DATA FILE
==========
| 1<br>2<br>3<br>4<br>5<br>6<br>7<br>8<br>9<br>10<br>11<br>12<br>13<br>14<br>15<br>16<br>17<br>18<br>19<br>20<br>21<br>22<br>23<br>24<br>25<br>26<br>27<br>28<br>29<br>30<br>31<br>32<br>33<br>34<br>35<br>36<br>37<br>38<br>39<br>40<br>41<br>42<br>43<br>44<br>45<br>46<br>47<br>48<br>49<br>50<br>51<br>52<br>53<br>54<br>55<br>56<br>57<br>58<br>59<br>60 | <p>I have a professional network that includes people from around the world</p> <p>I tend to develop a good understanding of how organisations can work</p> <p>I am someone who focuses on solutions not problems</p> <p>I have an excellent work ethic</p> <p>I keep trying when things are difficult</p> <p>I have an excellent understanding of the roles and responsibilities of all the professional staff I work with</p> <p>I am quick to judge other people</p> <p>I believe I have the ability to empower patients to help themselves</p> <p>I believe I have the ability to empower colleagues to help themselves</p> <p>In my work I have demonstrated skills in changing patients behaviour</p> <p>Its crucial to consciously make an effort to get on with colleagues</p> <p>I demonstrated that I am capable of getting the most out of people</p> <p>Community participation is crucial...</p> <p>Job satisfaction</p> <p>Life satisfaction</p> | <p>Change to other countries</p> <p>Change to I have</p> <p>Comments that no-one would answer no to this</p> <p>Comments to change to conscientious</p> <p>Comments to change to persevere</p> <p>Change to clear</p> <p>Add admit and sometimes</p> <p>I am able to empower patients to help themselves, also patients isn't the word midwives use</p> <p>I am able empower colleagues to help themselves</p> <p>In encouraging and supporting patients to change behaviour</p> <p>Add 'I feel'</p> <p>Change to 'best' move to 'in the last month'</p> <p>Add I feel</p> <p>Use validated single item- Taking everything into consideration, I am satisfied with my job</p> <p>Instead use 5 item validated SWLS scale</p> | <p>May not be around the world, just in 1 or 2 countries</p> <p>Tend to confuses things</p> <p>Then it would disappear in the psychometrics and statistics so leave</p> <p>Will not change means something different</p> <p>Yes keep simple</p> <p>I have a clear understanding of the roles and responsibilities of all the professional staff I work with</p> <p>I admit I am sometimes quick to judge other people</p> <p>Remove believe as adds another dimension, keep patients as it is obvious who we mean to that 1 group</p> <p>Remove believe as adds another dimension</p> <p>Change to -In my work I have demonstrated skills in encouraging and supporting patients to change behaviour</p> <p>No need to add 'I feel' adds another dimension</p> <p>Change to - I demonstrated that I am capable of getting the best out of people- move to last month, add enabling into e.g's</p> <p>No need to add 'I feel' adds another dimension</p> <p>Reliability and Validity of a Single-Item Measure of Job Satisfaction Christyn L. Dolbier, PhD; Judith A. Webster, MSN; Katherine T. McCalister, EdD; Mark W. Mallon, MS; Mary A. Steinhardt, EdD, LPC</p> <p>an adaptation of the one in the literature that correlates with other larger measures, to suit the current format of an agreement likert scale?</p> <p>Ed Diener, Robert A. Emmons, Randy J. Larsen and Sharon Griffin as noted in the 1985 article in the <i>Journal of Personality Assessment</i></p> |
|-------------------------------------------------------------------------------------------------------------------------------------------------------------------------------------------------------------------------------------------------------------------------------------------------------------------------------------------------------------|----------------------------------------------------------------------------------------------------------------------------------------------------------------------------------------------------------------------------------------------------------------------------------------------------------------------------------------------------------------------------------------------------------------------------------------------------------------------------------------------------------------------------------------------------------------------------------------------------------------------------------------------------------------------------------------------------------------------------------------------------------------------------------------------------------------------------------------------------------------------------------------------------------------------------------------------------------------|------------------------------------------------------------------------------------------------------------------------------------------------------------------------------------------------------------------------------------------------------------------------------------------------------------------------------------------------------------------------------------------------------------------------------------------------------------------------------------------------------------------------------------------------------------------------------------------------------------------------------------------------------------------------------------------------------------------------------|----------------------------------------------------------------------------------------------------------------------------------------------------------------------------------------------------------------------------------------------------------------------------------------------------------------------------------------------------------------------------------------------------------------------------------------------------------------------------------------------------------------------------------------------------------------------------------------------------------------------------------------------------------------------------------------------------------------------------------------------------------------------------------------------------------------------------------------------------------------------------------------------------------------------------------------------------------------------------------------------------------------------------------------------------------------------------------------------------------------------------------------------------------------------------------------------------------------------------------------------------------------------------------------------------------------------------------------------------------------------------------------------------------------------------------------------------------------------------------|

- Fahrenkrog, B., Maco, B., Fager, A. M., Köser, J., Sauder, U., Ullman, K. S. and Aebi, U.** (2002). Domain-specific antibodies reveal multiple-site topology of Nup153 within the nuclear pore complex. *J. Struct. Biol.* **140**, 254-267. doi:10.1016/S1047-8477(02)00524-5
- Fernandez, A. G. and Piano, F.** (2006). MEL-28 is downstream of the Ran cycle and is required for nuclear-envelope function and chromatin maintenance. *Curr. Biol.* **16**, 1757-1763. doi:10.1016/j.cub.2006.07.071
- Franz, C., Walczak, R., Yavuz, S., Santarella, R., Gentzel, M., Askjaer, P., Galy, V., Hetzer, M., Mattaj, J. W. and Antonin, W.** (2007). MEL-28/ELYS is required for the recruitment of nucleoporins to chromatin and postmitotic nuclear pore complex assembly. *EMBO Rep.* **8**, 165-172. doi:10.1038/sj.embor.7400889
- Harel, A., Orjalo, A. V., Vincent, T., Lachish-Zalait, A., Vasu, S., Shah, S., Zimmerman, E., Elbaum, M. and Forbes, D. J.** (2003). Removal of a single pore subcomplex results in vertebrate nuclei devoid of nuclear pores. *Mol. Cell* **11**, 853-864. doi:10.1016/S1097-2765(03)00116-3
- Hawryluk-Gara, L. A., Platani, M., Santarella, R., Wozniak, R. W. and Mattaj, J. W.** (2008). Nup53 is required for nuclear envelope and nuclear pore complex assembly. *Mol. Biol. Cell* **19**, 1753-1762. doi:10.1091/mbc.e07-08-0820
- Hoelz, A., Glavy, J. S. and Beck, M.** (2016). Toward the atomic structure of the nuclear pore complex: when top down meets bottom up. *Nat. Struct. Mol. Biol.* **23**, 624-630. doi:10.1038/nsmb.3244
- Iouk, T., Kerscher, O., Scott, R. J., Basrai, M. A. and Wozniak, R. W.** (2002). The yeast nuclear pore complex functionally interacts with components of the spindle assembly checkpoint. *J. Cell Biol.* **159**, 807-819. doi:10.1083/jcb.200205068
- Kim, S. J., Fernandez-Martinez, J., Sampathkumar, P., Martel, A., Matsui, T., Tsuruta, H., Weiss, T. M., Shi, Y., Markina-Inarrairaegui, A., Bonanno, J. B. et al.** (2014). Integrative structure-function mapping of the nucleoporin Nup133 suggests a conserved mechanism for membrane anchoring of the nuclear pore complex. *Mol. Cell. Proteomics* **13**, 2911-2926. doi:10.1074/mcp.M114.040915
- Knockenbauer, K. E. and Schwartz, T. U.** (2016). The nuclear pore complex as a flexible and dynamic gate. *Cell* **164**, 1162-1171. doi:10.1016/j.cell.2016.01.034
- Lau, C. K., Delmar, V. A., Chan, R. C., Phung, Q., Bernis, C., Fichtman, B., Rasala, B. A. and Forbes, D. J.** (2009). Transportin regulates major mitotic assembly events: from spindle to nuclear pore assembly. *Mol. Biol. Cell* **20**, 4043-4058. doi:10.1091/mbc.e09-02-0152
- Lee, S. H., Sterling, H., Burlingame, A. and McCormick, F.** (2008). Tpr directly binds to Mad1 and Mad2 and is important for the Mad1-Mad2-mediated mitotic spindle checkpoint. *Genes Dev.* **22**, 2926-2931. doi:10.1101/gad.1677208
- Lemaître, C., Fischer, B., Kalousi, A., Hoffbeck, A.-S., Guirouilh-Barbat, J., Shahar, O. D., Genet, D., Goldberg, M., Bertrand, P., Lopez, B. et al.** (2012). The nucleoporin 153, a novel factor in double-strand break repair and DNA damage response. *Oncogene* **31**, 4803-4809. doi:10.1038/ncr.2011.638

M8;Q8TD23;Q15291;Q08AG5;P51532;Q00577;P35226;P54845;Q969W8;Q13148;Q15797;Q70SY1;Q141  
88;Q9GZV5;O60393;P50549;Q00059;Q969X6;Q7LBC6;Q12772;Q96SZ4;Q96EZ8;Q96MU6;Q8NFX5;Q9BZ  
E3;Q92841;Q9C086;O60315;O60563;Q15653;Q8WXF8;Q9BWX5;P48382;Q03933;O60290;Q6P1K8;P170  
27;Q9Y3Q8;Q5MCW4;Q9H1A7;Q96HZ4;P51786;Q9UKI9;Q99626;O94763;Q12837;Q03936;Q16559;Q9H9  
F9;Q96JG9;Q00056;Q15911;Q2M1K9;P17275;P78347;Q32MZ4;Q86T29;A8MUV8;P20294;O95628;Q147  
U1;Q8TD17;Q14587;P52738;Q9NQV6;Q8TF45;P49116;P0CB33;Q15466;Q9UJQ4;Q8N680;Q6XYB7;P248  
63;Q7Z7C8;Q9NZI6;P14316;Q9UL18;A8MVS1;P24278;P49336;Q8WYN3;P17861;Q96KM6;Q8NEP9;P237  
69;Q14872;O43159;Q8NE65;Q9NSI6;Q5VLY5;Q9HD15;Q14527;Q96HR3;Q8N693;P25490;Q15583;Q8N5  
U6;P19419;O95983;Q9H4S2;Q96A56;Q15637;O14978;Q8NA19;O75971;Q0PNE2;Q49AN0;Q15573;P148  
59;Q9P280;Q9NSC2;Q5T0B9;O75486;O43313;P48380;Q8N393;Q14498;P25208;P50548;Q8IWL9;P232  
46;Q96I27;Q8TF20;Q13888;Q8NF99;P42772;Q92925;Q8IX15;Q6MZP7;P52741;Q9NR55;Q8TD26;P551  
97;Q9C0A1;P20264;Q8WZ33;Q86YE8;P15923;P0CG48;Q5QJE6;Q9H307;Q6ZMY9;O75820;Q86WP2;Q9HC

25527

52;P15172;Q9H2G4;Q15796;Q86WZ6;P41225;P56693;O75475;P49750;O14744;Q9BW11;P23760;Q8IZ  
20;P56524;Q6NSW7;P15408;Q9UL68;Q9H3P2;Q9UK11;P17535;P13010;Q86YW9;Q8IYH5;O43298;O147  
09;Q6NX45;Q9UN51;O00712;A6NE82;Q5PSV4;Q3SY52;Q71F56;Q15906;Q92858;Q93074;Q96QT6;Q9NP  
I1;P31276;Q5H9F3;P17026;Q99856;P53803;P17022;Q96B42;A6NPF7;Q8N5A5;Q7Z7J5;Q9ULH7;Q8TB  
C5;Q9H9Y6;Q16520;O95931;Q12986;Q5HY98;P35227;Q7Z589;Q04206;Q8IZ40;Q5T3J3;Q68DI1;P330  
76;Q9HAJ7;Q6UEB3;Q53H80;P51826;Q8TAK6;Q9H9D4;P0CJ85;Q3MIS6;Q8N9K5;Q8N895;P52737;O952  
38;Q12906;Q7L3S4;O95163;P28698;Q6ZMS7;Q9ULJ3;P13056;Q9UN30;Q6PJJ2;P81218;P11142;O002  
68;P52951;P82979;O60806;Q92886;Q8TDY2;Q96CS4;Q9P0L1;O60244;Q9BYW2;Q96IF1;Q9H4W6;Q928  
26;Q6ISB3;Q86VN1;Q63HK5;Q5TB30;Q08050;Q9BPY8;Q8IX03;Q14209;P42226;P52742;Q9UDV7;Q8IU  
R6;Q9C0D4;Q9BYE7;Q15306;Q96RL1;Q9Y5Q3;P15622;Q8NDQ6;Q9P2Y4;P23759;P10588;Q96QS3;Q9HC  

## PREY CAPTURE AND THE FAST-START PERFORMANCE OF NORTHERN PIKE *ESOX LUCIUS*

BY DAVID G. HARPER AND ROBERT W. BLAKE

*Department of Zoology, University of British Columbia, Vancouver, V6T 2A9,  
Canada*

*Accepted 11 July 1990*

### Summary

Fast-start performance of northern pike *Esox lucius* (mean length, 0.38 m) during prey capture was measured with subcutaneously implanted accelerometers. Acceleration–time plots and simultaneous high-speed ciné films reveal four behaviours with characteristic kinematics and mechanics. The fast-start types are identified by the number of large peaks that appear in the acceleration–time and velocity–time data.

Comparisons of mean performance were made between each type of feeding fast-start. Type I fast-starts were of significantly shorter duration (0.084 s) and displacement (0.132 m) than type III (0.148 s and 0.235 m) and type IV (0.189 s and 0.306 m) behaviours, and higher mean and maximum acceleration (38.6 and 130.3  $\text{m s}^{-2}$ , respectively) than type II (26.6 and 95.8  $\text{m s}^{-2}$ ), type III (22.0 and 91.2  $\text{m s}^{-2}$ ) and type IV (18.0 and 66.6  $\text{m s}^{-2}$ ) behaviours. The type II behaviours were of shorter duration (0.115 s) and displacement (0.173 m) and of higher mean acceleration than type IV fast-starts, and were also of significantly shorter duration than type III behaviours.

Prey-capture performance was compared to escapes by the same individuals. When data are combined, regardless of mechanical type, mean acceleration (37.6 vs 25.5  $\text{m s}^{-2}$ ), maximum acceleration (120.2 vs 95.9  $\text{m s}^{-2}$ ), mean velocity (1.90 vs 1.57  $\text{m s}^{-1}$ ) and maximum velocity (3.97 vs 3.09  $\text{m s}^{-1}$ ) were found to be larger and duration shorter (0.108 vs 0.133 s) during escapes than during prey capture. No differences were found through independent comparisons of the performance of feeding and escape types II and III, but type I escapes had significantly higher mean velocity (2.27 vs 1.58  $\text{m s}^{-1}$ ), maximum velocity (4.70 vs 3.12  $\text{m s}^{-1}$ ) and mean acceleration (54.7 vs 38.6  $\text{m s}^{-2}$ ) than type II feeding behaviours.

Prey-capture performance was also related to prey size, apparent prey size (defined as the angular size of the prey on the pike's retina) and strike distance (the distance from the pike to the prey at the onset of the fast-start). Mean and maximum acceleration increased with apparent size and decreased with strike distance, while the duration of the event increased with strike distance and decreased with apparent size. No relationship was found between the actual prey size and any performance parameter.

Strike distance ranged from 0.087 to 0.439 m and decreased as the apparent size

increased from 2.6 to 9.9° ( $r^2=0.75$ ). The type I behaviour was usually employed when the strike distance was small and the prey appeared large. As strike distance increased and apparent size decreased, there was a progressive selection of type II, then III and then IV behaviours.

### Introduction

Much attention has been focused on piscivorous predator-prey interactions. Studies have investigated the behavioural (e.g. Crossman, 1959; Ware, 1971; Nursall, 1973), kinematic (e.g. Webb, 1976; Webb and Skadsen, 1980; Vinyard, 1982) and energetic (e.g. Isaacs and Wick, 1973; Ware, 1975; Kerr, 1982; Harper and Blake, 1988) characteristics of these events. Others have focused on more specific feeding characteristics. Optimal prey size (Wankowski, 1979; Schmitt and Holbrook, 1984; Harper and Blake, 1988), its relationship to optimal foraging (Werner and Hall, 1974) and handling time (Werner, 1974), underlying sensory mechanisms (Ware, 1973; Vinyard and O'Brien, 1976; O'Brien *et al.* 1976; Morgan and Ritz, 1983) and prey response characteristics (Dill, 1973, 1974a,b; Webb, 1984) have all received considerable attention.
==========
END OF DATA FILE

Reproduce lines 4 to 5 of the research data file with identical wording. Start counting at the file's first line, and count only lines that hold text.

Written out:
- Fernandez, A. G. and Piano, F.** (2006). MEL-28 is downstream of the Ran cycle and is required for nuclear-envelope function and chromatin maintenance. *Curr. Biol.* **16**, 1757-1763. doi:10.1016/j.cub.2006.07.071
- Franz, C., Walczak, R., Yavuz, S., Santarella, R., Gentzel, M., Askjaer, P., Galy, V., Hetzer, M., Mattaj, J. W. and Antonin, W.** (2007). MEL-28/ELYS is required for the recruitment of nucleoporins to chromatin and postmitotic nuclear pore complex assembly. *EMBO Rep.* **8**, 165-172. doi:10.1038/sj.embor.7400889